You can’t edit photo, video or audio content in Emacs (perhaps I should say I don’t know of an Emacs mode for doing so). I don’t use Emacs for spreadsheets or other “office” documents. You can use Emacs for ascii-art (and here’s a great flash animation showing someone do just that) but ascii-art doesn’t look much good outside source code.
Hardcore Emacs users swear by their editor as an email client and even use it as a web browser. I prefer the comfort of my second most used application, Firefox. Come to think of it, Firefox adopts a lot of what’s good about Emacs: the tabbed window, for example, which reinvents multiple buffers for the web browser; the clean, simple look; the extensible architecture.
Funnily enough, you can work with photo, video and audio using Firefox; and boring old online office suites have been news for a long while. Amazingly, you can continue to edit your rich media content even if you switch to Internet Explorer, without the need to relearn anything; a transition which puts the Vi/Emacs wars into perspective. Could the web browser be the one true editor of the future?
My thanks to Hugh Brown for pointing out a couple of errors with the original version of this article.
 OK, so my
.emacs disables the scroll bar and menu bar before this splash screen appears, but telling people what their mouse is for hardly seems necessary.
 I can’t remember when Emacs last crashed on me. It’s one of the three applications I auto-start on login and I usually leave it running until I shutdown. On occasion I’ve forced it to quit but this has always been down to my own error, for example coding and executing (within Emacs) a tight loop.
 In “The Art of Unix Programming” Eric S. Raymond discusses the question: “Is Emacs an Argument against the Unix Tradition?”. This is a rather long quotation to include here, I know, but I’m sure the author wouldn’t want me to alter his words in any way. I highly recommend the book and suggest you buy a copy to read in full.
The central tension in the Unix tradition has always been between doing more with less and doing more with more. It recurs in a lot of different contexts, often as a struggle between designs that have the quality of clean minimalism and others that choose expressive range and power even at the cost of high complexity. For both sides, the arguments for or against Emacs have exemplified this tension since it was first ported to Unix in the early 1980s.
Programs that are both as useful and as large as Emacs make Unix programmers uncomfortable precisely because they force us to face the tension. They suggest that old-school Unix minimalism is valuable as a discipline, but that we may have fallen into the error of dogmatism.
There are two ways Unix programmers can address this problem. One is to deny that large is actually large. The other is to develop a way of thinking about complexity that is not a dogma.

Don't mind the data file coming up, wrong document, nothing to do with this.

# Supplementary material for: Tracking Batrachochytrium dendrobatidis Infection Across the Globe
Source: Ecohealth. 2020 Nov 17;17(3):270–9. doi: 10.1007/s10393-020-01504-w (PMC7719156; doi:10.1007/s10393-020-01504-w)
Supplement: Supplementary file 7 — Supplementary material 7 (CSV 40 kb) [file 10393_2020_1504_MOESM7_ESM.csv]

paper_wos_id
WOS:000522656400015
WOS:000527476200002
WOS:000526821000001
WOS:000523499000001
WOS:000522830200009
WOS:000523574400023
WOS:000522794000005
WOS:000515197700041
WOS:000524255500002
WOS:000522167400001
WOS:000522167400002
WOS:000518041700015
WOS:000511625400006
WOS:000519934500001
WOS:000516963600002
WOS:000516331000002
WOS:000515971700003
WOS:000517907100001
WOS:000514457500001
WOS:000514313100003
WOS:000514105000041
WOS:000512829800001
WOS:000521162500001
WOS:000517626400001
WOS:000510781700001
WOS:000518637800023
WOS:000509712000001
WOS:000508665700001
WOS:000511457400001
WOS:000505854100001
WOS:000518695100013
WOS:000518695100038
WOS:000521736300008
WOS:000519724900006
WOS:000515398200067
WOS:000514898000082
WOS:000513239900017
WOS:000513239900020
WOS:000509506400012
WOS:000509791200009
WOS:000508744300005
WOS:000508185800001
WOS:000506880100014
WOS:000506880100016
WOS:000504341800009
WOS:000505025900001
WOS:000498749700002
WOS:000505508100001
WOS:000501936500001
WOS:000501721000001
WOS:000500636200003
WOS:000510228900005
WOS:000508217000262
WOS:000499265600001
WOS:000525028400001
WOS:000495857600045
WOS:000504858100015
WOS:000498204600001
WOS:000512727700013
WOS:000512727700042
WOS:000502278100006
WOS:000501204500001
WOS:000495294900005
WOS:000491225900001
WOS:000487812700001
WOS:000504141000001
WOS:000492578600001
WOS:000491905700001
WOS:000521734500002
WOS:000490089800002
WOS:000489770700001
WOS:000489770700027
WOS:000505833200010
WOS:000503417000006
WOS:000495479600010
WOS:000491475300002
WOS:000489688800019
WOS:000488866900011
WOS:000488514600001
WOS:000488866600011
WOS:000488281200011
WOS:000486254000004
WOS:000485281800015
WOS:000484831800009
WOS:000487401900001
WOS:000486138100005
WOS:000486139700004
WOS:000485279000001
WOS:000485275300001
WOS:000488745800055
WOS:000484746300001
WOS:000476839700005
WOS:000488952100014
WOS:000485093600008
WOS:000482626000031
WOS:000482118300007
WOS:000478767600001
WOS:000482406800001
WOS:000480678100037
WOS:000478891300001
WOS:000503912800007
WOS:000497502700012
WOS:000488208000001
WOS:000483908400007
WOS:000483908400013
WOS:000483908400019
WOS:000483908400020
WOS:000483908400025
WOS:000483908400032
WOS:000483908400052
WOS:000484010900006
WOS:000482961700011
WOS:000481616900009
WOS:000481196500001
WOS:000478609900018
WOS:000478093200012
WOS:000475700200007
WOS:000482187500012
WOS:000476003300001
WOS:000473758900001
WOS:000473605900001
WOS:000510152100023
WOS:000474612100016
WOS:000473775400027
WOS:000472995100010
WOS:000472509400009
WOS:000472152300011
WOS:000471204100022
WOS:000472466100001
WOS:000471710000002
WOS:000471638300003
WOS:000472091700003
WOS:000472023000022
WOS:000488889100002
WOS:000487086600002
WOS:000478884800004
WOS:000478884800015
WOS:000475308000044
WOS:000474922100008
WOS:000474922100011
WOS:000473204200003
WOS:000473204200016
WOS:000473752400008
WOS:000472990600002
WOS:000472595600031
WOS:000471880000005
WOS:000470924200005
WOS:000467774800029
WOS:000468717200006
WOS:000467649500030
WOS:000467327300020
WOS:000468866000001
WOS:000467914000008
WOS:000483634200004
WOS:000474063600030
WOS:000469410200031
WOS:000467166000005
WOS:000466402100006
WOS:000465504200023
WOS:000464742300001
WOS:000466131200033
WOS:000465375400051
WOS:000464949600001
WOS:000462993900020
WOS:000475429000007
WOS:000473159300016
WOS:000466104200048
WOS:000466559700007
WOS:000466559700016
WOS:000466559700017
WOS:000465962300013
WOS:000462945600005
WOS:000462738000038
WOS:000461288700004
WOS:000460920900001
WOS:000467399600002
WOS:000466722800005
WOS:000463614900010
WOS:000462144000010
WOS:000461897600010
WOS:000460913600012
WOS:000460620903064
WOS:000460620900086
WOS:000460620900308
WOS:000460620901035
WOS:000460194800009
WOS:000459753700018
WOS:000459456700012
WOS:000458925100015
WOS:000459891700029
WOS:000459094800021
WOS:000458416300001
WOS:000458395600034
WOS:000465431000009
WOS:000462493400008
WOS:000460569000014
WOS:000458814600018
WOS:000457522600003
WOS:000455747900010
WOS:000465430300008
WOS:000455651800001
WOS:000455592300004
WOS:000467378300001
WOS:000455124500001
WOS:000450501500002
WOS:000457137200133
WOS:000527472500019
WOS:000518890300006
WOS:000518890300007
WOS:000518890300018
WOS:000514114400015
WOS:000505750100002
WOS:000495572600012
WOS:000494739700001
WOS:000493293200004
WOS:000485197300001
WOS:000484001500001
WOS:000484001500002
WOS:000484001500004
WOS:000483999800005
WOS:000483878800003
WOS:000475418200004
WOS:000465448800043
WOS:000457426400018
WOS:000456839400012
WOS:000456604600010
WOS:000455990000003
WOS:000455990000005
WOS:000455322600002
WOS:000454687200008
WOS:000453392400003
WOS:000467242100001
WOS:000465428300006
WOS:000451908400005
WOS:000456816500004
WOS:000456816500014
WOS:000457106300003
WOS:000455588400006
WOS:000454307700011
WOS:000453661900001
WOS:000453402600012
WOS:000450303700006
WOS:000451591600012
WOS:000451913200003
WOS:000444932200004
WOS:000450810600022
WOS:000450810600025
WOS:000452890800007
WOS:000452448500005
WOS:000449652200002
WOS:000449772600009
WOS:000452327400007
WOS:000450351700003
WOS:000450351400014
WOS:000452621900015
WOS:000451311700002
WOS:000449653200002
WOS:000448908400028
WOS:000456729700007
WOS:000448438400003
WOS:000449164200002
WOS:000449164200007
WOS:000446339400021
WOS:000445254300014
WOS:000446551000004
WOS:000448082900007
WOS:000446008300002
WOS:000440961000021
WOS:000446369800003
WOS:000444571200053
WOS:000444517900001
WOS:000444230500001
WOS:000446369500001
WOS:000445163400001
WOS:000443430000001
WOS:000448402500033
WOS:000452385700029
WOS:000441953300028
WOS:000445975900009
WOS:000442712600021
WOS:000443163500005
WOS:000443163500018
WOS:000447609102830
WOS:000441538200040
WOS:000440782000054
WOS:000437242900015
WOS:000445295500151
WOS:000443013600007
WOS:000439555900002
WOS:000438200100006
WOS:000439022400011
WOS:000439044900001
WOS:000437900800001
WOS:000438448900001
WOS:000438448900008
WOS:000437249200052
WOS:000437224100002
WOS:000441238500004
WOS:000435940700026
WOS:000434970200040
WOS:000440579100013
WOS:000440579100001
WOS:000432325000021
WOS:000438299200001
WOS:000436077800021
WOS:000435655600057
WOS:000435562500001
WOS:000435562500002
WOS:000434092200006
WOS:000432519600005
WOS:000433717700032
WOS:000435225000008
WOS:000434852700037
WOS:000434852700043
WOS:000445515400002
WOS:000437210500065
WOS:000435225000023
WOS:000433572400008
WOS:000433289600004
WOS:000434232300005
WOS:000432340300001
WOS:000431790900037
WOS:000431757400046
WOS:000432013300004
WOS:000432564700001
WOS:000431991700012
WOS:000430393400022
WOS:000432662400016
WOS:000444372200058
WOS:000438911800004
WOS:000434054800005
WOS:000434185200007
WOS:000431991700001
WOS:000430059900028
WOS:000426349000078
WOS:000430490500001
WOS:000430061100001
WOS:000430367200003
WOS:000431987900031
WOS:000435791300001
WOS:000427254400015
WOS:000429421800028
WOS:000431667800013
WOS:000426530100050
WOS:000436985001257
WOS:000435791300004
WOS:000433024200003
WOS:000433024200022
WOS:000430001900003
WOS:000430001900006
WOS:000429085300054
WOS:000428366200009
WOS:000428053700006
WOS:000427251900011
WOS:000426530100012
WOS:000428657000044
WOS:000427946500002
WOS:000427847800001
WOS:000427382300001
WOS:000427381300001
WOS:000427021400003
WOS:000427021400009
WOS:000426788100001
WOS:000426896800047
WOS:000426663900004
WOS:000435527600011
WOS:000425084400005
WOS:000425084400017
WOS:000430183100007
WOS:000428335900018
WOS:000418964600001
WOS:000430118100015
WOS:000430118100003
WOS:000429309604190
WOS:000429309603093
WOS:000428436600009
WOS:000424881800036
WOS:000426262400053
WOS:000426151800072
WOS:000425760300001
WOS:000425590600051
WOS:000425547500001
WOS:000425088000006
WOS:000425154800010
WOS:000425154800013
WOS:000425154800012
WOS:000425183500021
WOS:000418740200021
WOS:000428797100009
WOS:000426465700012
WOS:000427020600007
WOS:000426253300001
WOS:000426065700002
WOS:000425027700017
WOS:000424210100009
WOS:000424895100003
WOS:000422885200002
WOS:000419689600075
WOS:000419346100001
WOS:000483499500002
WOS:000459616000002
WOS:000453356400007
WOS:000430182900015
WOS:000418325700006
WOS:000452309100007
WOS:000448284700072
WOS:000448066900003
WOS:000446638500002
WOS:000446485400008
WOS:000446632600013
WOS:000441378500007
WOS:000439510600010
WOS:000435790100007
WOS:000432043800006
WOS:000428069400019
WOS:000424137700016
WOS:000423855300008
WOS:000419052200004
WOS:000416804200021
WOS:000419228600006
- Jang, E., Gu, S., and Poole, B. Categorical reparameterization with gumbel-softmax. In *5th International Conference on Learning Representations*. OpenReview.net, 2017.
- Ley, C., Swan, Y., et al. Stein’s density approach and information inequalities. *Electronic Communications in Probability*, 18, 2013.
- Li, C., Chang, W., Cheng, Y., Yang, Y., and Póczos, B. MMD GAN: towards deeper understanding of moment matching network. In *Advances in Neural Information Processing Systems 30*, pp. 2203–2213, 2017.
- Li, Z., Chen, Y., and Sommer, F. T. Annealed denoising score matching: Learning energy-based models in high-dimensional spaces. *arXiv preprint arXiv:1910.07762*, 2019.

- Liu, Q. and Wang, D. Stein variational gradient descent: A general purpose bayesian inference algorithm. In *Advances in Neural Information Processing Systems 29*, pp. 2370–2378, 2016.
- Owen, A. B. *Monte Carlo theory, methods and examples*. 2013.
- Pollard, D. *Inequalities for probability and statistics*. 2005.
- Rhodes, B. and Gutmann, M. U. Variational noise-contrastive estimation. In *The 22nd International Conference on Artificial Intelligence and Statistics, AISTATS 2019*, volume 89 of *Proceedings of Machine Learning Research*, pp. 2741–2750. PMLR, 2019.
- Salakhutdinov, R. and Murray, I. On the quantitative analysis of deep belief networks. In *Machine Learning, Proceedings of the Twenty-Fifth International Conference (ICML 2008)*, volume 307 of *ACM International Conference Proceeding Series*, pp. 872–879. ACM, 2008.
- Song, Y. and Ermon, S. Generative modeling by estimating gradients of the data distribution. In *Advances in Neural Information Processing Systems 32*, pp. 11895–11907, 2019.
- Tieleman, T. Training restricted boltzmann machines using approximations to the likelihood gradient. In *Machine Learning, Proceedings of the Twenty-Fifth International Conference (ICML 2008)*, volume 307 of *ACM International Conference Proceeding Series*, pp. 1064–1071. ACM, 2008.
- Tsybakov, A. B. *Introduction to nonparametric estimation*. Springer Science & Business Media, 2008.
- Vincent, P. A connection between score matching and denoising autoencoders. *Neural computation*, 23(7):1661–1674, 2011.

Our thought experiment with replacing Lisp and the extension libraries gives us a new perspective on the oft-heard charge that Emacs is bloated because its extension library is so large. Perhaps this is as unfair as charging that
/bin/shis bloated because the collection of all shellscripts on a system is large. Emacs could be considered a virtual machine or framework around a collection of small, sharp tools (the modes) that happen to be written in Lisp
On this view, the main difference between the shell and Emacs is that Unix distributors don’t ship all the world’s shellscripts along with the shell. Objecting to Emacs because having a general-purpose language in it feels like bloat is approximately as silly as refusing to use shellscripts because shell has conditionals and for loops. Just as one doesn’t have to learn shell to use shellscripts, one doesn’t have to learn Lisp to use Emacs. If Emacs has a design problem, it’s not so much the Lisp interpreter (the framework part) as the fact that the mode library is an untidy heap of historical accretions — but that’s a source of complexity users can ignore, because they won’t be affected by what they don’t use.
This mode of argument is very comforting. It can be applied to other tool-integration frameworks, such as the (uncomfortably large) GNOME and KDE desktop projects. There is some force to it. And yet, we should be suspicious of any ‘perspective’ that offers to resolve all our doubts so neatly; it might be a rationalization, not a rationale.
Therefore, let’s avoid the possibility of falling into denial and accept that Emacs is both useful and large — that it is an argument against Unix minimalism. What does our analysis of the kinds of complexity in it, and the motives for it, suggest beyond that? And is there reason to believe that those lessons generalize?
 So now I know better! In a comment on this site, Johan Lindstrom says you can edit video using Emacs, http://1010.co.uk/gneve.html, and in an email Arnold Mátyási pointed me at this YouTube GNEVE demo, while over at reddit another comment mentions an audio editing mode, http://delysid.org/emacs/ecasound-el.html.
 Splash screen excluded!